10 common wildlife photography mistakes we’re all guilty of (and how to fix them)

How to set up a hide for wildlife photography: step 6

Wildlife Photography Mistakes: 03 Subject blurred

Close-up photography tips from our professional photographer: use a monopod

Long lenses need to be supported on a tripod or monopod to keep them steady and avoid camera-shake from spoiling your shots.

You also need to use a shutter speed that’s fast enough to freeze any subject movement.

If you can’t get the shutter speed high enough, push the sensitivity setting up a little.

Alternatively, wait till the animal is stationary and avoid shooting when it’s on the move.

Using a high sensitivity setting will introduce some noise, but in most cases this is preferable to a blurred shot.

Shoot either in shutter priority or manual exposure mode so that you can control the shutter speed.


Banish Bad Pictures: 9 quick fixes for common camera complaints
10 reasons your photos aren’t sharp (and how to fix them)
New camera anatomy: 12 key camera settings to get you started right
24 camera features every beginner must memorize


Wildlife Photography Mistakes: 04 Poor composition

Best camera settings to photograph captive animals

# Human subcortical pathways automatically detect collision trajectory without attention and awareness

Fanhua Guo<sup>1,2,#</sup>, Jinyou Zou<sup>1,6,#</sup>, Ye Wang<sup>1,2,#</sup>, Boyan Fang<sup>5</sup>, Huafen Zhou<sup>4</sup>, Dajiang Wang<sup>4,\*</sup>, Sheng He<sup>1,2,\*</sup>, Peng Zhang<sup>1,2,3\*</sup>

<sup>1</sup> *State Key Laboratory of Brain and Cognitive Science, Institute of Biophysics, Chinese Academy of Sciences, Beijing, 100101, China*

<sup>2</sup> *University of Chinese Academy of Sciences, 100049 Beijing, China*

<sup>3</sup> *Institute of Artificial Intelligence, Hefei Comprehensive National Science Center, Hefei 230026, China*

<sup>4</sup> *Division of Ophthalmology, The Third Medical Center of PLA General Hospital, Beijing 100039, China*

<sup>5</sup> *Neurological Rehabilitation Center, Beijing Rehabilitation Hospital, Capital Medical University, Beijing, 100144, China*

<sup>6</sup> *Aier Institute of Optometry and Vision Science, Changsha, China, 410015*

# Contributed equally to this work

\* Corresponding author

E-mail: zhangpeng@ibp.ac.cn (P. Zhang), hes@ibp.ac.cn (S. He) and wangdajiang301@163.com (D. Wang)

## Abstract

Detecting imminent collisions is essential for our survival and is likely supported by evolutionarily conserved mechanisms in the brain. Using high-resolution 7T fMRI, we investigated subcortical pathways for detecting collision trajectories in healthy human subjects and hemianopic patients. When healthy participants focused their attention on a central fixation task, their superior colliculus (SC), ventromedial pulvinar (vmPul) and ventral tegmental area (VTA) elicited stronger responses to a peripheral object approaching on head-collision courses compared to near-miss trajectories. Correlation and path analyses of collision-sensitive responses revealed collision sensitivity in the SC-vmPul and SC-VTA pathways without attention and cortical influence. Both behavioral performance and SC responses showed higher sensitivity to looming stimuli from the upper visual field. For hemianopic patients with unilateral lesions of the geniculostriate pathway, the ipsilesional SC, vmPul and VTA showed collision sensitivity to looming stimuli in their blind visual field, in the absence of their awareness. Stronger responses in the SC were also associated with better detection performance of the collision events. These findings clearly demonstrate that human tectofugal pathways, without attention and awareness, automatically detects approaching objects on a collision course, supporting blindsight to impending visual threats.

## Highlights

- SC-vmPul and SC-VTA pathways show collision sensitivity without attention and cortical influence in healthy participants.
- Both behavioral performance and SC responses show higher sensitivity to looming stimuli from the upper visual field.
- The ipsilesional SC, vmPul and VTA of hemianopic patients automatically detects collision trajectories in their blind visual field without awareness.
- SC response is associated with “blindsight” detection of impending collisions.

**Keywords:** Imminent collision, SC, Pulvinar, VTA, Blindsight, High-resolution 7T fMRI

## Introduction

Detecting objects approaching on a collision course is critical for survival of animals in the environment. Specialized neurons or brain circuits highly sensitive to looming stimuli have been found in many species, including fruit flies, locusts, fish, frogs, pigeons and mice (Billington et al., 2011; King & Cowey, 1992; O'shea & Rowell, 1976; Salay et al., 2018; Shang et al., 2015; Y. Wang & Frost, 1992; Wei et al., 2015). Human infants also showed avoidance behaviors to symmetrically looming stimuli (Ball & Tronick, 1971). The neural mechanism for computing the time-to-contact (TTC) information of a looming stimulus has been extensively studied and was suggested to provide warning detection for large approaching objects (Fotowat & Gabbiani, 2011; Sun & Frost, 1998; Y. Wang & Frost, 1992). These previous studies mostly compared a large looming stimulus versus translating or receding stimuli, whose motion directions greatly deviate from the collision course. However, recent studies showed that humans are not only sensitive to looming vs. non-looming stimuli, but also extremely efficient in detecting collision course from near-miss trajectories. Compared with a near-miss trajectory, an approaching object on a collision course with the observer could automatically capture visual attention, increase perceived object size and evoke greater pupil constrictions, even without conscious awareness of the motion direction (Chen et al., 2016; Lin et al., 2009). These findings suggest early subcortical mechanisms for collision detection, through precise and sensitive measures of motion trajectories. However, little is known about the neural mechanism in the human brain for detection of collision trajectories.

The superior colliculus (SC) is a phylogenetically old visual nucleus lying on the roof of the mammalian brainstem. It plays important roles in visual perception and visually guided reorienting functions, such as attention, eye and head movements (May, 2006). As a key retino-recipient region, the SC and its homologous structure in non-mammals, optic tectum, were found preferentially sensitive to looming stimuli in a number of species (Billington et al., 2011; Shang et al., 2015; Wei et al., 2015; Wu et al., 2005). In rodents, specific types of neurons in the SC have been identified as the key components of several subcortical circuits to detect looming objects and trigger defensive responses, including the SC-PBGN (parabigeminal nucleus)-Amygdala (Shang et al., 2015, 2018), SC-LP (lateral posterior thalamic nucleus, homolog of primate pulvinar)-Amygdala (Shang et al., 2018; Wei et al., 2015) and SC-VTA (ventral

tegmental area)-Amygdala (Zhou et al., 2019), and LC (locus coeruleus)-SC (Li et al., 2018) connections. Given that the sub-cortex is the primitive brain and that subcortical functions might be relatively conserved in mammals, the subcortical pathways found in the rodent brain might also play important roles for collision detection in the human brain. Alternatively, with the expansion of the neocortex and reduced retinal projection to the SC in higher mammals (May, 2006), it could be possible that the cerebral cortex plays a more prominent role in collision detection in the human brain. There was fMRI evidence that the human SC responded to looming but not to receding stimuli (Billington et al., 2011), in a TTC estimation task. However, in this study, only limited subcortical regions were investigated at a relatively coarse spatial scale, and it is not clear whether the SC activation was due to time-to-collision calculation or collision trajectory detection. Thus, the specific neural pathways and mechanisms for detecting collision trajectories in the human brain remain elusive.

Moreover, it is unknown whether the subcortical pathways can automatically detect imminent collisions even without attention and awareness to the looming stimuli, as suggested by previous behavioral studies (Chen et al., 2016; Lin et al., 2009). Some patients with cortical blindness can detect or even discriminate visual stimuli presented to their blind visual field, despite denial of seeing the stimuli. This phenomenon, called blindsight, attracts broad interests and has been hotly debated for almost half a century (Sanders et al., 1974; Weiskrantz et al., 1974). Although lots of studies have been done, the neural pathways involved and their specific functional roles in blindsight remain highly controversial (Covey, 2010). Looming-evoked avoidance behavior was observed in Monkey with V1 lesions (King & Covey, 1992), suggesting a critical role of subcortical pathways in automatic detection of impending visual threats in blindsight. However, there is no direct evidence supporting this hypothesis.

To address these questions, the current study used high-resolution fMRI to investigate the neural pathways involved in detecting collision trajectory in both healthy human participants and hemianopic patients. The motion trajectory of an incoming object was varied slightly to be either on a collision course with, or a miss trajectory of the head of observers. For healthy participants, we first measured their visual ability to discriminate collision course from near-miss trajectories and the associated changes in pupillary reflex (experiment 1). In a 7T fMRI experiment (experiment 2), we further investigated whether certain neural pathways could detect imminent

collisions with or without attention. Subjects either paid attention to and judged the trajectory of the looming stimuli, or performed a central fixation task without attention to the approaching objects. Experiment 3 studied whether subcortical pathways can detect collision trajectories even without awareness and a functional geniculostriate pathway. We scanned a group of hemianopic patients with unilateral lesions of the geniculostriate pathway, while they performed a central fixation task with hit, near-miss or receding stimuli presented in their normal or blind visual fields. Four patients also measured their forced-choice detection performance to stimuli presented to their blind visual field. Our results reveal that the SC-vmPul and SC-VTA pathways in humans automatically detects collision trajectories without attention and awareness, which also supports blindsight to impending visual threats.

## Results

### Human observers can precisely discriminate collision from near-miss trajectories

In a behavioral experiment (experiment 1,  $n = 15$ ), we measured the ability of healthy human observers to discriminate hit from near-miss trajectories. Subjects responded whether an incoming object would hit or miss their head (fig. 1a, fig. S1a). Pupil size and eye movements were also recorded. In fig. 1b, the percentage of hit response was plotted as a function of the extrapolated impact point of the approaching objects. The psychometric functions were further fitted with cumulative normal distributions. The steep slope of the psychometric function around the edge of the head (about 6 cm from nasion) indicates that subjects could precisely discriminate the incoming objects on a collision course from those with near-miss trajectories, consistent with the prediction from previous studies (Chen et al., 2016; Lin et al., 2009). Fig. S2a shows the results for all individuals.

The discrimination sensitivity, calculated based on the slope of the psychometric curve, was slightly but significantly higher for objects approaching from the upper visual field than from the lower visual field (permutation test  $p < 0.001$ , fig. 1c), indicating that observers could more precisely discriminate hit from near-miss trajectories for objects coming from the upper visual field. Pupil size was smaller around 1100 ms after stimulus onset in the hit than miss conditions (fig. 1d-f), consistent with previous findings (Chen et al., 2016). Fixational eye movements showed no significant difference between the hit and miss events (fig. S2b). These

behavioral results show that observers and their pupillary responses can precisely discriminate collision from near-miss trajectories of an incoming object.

Wildlife photography often involves waiting for long periods of time and when the subject actually comes into view it’s tempting to start shooting immediately – especially if it’s the first time you’ve seen a particular species.

There’s no real harm in this, but think about the composition of your photos in the same way as you would with any other photographs.

Don’t have the subject cut off by the edge of the frame, for example. And remember the rule of thirds, so your subject is perfectly positioned in the image.


10 things photographers can do to stop wasting pictures
Common mistakes at every shutter speed (and the best settings to use)
Best shutter speeds for every situation (free photography cheat sheet)
10 common exposure problems every photographer faces (and how to fix them)

  • Jacobus DeWet

    To be honest, one of the most useless articles I have ever read on wildlife photography. In future get an experienced wildlife photographer to write something of value with real life lessons and how to make the best of the situation you are given. Wildlife is not a studio, conditions change fast, you cannot pick the light, what do you do when you shoot in flat light to create great B&W images, Some of the best wildlife images ever taken is not a close crop but compositions with animals in their natural environment, how to deal with cluttered backgrounds, etc, etc ,etc

  • mwaters

    #6 If you are shooting animals in captivity, be sure and always state such in your description.

  • Monte Comeau

    I must disagree with this point entirely! We actually purchase these high end lenses with F4 and larger Apertures so we can purposely use a shallow depth of field.